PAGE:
In fact, Marshall consistently hedged his strategic bets. In the foreword to a 1999 RAND volume on information warfare, after almost twenty years of studying the RMA, he conceded that we still “do not have an analytic framework to get at [the effect of information warfare], and we certainly do not have adequate models.” Krepinevich and Watts suggest that “the work outside ONA by some members of St. Andrew’s Prep whom Marshall mentored provides perhaps the best window currently available into how net assessment worked in practice.” It certainly makes sense to gauge Marshall’s influence by proxy in the work of his protégés such as Rosen, Friedberg, Cohen, James Roche, Krepinevich and Watts. The authors hold up the major debate on net assessment and the state of the Cold War conventional balance in Europe in the pages of Harvard’s International Security in 1989 as one such exemplar. Readers should peruse for themselves the various contributions. They might ask whether St. Andrew’s Prep alum Eliot Cohen’s similarly Delphic approach to net assessment offered a compelling critique of Cold War conventional-balance optimists who did not think NATO was hopelessly outgunned by the Soviet Union. Indeed, the U.S. military’s stunning performance in the ground war against Iraq in 1991 seems more in line with the optimists’ expectations for future combat.
Unfortunately, this is not an exercise that can be repeated across the board, because the ONA’s relationship with the handful of external contractors and individuals that Marshall relies upon to provide alternative expertise and perspectives to those of the Pentagon bureaucracy is, as Krepinevich and Watts delicately put it, “opaque.” During the Cold War, one of the major recipients of ONA largesse was Phillip Karber of the BDM Corporation, a for-profit defense research organization in Washington, DC. Today, one of the largest recipients of ONA alms is none other than—you guessed it—Krepinevich and Watts’s own Center for Strategic and Budgetary Assessments, which reportedly gets almost $3 million per year (or 40 percent of its budget) from Marshall’s office. That kind of largesse can inspire an awful lot of pious devotion, even in a city as cynical and opportunistic as the capital of the free world.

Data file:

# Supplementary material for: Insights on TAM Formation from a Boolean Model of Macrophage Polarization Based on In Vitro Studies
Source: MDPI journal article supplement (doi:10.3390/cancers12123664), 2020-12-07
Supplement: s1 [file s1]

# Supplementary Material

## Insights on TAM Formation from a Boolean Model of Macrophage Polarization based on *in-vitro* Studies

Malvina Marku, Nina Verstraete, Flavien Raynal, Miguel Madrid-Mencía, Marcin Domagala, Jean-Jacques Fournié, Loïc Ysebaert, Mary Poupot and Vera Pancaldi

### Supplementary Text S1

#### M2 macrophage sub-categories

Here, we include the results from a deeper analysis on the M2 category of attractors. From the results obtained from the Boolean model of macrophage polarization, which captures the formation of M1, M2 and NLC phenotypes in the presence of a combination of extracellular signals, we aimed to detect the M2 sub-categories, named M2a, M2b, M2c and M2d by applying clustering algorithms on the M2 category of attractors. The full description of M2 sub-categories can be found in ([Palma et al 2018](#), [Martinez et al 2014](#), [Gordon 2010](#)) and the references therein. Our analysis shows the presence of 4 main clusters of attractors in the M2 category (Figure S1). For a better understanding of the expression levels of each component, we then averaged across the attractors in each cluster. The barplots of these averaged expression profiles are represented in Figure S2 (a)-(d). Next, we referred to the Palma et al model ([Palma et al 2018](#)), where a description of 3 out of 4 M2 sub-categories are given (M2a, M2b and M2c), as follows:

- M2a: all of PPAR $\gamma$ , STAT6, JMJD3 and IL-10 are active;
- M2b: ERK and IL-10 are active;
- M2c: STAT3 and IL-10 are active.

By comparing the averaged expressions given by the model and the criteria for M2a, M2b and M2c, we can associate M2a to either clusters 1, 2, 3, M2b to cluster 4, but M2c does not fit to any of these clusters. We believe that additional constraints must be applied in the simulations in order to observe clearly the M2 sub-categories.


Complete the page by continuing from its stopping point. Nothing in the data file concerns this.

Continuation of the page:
DESPITE MARSHALL’S admission that net assessment could not provide clear predictions or concrete advice, he nonetheless had a clear and consistent policy agenda: the United States needed to gird itself for a long-term rivalry with the Soviet Union in which it should be prepared to use military force to win. In a 1972 RAND report, for example, Marshall maintained that “the United States is now, and will continue to be, in an extended, continuing strategic arms competition with the Soviet Union. . . . The competition will be prolonged—indeed, for planning purposes, endless [emphasis added].”
Marshall was enamored with nuclear weapons. He was a long-standing proponent of nuclear war-fighting strategies for the United States. Rejecting “mutual assured destruction” and the arms-control community’s “overstated” preoccupation with strategic stability, along with the Eisenhower administration’s “New Look” policy of threatening “massive retaliation” to deter Soviet aggression, Marshall consistently pursued different nuclear strategies. Beginning with his participation in RAND’s “Strategic Objectives Committee,” which advocated that the United States develop a nuclear force capable of executing a first strike that could eliminate the Soviet Union’s strategic arsenal (or a “counterforce” strike, as it was known), and continuing in his intellectual collaboration with Herman Kahn, a model for the title character in Stanley Kubrick’s Dr. Strangelove, Marshall never showed any hesitation about thinking the unthinkable: fighting and winning thermonuclear war.
During the late 1950s and early 1960s, Marshall worked together with former U.S. Air Force targeteer and intelligence analyst Joseph Loftus. Through Loftus, Marshall gained access to sensitive intelligence about the Soviet nuclear arsenal that was off-limits to other RAND analysts. It persuaded him that a successful counterforce strike against the Soviet Union was feasible. Marshall and other proponents of counterforce were not, so far as we can tell, advocating a preventive nuclear war. Instead, their attraction to counterforce was its potential for limiting damage to the United States through preemptive strikes should war with the Soviet Union seem unavoidable. However, this policy was a tough sell to other RAND analysts in the era of the “missile gap.”